The Media Gateway Control Protocol (MGCP) is an implementation of the media gateway control protocol architecture for controlling media gateways on Internet Protocol (IP) networks connected to the public switched telephone network (PSTN). The protocol architecture and programming interface is described in RFC 2805 and the current specific MGCP definition is RFC 3435 which overrides RFC 2705. It is a successor to the Simple Gateway Control Protocol (SGCP) which was developed by Bellcore and Cisco. In November 1998, the Simple Gateway Control Protocol (SGCP) was combined with Level 3 Communications Internet Protocol Device Control (IPDC) to form the Media Gateway Control Protocol (MGCP).
MGCP is a text-based signaling and call control communications protocol used in Voice over IP (VoIP) systems. It implements a model similar to the structure of the PSTN with the power of the network residing in a call control center softswitch which is analogous to the central office in the telephone networks. The endpoints are low-intelligence devices, mostly executing control commands. The protocol represents a decomposition of other VoIP models, such as H.323, in which the H.323 Gatekeeper, have higher levels of signaling intelligence.
MGCP uses the Session Description Protocol (SDP) for specifying and negotiating the media streams to be transmitted in a call session and the Real-time Transport Protocol (RTP) for framing of the media streams.
Relationship between network elements in MGCP.
The media gateway control protocol architecture and its methodologies and programming interfaces are described in RFC 2805.
MGCP is a master/slave protocol that allows a call control device such as a call agent to take control of a specific port on a media gateway. In MGCP context media gateway controller is referred to as call agent. This has the advantage of centralized gateway administration and provides for largely scalable IP Telephony solutions. The distributed system is composed of a call agent, at least one media gateway (MG) that performs the conversion of media signals between circuits and packets switched networks, and at least one signaling gateway (SG) when connected to the PSTN.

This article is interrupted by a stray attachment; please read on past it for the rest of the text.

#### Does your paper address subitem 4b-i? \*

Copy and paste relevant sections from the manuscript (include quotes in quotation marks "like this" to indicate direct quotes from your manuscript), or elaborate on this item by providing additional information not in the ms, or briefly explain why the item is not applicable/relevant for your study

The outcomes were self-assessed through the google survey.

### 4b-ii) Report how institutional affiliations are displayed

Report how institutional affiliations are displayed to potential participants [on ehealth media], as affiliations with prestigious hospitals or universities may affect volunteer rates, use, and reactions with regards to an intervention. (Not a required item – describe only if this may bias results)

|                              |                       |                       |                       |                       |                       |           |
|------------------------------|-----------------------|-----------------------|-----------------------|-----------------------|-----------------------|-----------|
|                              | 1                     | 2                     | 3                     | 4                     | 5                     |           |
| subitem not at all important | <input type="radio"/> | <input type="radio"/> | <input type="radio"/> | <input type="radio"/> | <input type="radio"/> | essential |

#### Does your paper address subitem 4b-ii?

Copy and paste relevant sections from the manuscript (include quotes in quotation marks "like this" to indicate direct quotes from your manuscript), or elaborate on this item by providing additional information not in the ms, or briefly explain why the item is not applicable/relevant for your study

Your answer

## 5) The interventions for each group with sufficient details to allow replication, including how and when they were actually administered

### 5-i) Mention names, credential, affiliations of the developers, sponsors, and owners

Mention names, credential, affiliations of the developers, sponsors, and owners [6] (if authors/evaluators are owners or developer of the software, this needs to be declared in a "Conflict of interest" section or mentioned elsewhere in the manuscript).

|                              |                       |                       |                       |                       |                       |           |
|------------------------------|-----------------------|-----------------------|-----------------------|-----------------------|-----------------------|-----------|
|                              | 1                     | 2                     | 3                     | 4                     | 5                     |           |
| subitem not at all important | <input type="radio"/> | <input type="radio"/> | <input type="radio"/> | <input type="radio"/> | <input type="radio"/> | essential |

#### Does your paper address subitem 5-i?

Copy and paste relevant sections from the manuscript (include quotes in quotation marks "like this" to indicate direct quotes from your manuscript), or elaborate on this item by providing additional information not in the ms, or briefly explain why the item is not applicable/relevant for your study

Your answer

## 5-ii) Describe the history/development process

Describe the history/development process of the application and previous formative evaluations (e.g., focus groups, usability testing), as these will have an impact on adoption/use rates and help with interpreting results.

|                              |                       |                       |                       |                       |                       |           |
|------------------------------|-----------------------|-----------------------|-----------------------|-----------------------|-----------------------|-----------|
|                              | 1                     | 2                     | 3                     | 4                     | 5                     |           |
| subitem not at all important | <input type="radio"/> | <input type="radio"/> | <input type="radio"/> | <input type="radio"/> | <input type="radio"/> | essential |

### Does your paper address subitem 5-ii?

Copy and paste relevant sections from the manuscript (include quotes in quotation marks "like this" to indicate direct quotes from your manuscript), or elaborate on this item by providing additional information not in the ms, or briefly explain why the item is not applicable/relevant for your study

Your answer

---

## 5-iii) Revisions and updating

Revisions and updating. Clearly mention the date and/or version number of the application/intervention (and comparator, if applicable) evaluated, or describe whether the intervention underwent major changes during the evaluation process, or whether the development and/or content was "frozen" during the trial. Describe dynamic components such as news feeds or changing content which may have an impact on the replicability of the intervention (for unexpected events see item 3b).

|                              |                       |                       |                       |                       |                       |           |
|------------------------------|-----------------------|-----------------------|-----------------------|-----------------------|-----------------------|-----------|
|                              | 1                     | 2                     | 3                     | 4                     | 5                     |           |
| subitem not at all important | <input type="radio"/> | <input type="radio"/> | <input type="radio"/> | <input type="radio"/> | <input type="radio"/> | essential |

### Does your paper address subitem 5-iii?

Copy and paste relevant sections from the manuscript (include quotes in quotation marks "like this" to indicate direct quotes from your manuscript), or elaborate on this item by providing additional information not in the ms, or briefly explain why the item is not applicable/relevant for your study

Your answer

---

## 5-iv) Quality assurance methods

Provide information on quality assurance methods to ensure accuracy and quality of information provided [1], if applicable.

MGCP assumes a call control architecture where there is limited intelligence at the edge, e.g., endpoints on media gateways, and intelligence at the core call agent. MGCP assumes that call agents, will synchronize with each other to send commands and responses to the gateways under their control.
The call agent uses MGCP to tell the media gateway which events should be reported to the call agent, how endpoints should be inter-connected, and which signals should be activated on the endpoints.
MGCP also allows the call agent to audit the current state of endpoints on a media gateway.
The media gateway uses MGCP to report events, such as off-hook or dialed digits, to the call agent.
While any signaling gateway is usually on the same physical switch as a media gateway, there is no such need. The call agent does not use MGCP to control the signaling gateway; rather, SIGTRAN protocols are used to backhaul signaling between the signaling gateway and call agent.
Typically, a media gateway is configured with a list of call agents from which it may accept programming (where that list normally comprises only one or two call agents).
In principle, event notifications may be sent to different call agents for each endpoint on the gateway (as programmed by the call agents, by setting the NotifiedEntity parameter). In practice, however, it is usually desirable that at any given moment all endpoints on a gateway should be controlled by the same call agent; other call agents are available only to provide redundancy in the event that the primary call agent fails, or loses contact with the media gateway. In the event of such a failure it is the backup call agent's responsibility to reprogram the MG so that the gateway comes under the control of the backup call agent. Care is needed in such cases; two call agents may know that they have lost contact with one another, but this does not guarantee that they are not both attempting to control the same gateway. The ability to audit the gateway to determine which call agent is currently controlling can be used to resolve such conflicts.